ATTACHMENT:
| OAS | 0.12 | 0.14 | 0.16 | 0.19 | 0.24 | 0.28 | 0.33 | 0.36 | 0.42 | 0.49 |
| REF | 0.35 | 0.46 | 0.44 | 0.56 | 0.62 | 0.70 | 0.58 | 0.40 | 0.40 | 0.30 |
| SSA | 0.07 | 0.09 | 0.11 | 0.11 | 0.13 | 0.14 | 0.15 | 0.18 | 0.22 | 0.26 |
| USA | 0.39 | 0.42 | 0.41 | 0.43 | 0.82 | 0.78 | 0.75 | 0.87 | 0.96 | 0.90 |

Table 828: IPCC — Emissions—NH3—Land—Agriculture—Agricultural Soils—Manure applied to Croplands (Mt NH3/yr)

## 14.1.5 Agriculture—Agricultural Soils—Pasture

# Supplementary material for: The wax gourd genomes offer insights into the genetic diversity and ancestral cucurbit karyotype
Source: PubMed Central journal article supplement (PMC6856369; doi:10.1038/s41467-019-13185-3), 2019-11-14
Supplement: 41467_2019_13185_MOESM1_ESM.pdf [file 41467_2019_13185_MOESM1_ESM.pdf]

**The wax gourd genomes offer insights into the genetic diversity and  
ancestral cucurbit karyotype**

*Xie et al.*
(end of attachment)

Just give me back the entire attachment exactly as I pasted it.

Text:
| OAS | 0.12 | 0.14 | 0.16 | 0.19 | 0.24 | 0.28 | 0.33 | 0.36 | 0.42 | 0.49 |
| REF | 0.35 | 0.46 | 0.44 | 0.56 | 0.62 | 0.70 | 0.58 | 0.40 | 0.40 | 0.30 |
| SSA | 0.07 | 0.09 | 0.11 | 0.11 | 0.13 | 0.14 | 0.15 | 0.18 | 0.22 | 0.26 |
| USA | 0.39 | 0.42 | 0.41 | 0.43 | 0.82 | 0.78 | 0.75 | 0.87 | 0.96 | 0.90 |

Table 828: IPCC — Emissions—NH3—Land—Agriculture—Agricultural Soils—Manure applied to Croplands (Mt NH3/yr)

## 14.1.5 Agriculture—Agricultural Soils—Pasture

# Supplementary material for: The wax gourd genomes offer insights into the genetic diversity and ancestral cucurbit karyotype
Source: PubMed Central journal article supplement (PMC6856369; doi:10.1038/s41467-019-13185-3), 2019-11-14
Supplement: 41467_2019_13185_MOESM1_ESM.pdf [file 41467_2019_13185_MOESM1_ESM.pdf]

**The wax gourd genomes offer insights into the genetic diversity and  
ancestral cucurbit karyotype**

*Xie et al.*